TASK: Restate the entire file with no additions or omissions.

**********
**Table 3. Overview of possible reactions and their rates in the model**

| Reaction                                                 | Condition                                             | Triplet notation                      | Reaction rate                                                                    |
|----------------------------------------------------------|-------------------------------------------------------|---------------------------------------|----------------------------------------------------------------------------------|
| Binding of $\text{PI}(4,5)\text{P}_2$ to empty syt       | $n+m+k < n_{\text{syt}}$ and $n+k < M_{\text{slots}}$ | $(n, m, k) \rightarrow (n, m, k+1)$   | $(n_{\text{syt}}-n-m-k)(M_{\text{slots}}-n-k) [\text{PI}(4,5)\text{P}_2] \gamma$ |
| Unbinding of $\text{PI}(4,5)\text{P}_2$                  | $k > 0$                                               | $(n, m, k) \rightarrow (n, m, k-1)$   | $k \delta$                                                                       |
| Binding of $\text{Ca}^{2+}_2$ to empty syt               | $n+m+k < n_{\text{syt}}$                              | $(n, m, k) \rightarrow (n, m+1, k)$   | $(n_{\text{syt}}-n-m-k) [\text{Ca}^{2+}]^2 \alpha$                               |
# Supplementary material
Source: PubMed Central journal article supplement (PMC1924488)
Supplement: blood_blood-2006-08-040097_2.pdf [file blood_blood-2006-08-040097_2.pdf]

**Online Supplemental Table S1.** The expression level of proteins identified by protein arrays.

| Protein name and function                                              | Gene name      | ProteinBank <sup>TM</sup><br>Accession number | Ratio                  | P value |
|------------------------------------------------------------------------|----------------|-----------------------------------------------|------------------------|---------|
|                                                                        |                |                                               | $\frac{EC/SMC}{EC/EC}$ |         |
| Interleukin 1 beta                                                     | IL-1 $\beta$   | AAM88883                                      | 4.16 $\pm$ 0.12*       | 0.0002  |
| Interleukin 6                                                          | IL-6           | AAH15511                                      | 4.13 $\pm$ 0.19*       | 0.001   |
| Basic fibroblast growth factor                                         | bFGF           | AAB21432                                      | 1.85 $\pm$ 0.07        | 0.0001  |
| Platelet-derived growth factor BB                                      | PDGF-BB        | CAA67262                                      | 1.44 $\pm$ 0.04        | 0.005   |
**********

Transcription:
**Table 3. Overview of possible reactions and their rates in the model**

| Reaction                                                 | Condition                                             | Triplet notation                      | Reaction rate                                                                    |
|----------------------------------------------------------|-------------------------------------------------------|---------------------------------------|----------------------------------------------------------------------------------|
| Binding of $\text{PI}(4,5)\text{P}_2$ to empty syt       | $n+m+k < n_{\text{syt}}$ and $n+k < M_{\text{slots}}$ | $(n, m, k) \rightarrow (n, m, k+1)$   | $(n_{\text{syt}}-n-m-k)(M_{\text{slots}}-n-k) [\text{PI}(4,5)\text{P}_2] \gamma$ |
| Unbinding of $\text{PI}(4,5)\text{P}_2$                  | $k > 0$                                               | $(n, m, k) \rightarrow (n, m, k-1)$   | $k \delta$                                                                       |
| Binding of $\text{Ca}^{2+}_2$ to empty syt               | $n+m+k < n_{\text{syt}}$                              | $(n, m, k) \rightarrow (n, m+1, k)$   | $(n_{\text{syt}}-n-m-k) [\text{Ca}^{2+}]^2 \alpha$                               |
# Supplementary material
Source: PubMed Central journal article supplement (PMC1924488)
Supplement: blood_blood-2006-08-040097_2.pdf [file blood_blood-2006-08-040097_2.pdf]

**Online Supplemental Table S1.** The expression level of proteins identified by protein arrays.

| Protein name and function                                              | Gene name      | ProteinBank <sup>TM</sup><br>Accession number | Ratio                  | P value |
|------------------------------------------------------------------------|----------------|-----------------------------------------------|------------------------|---------|
|                                                                        |                |                                               | $\frac{EC/SMC}{EC/EC}$ |         |
| Interleukin 1 beta                                                     | IL-1 $\beta$   | AAM88883                                      | 4.16 $\pm$ 0.12*       | 0.0002  |
| Interleukin 6                                                          | IL-6           | AAH15511                                      | 4.13 $\pm$ 0.19*       | 0.001   |
| Basic fibroblast growth factor                                         | bFGF           | AAB21432                                      | 1.85 $\pm$ 0.07        | 0.0001  |
| Platelet-derived growth factor BB                                      | PDGF-BB        | CAA67262                                      | 1.44 $\pm$ 0.04        | 0.005   |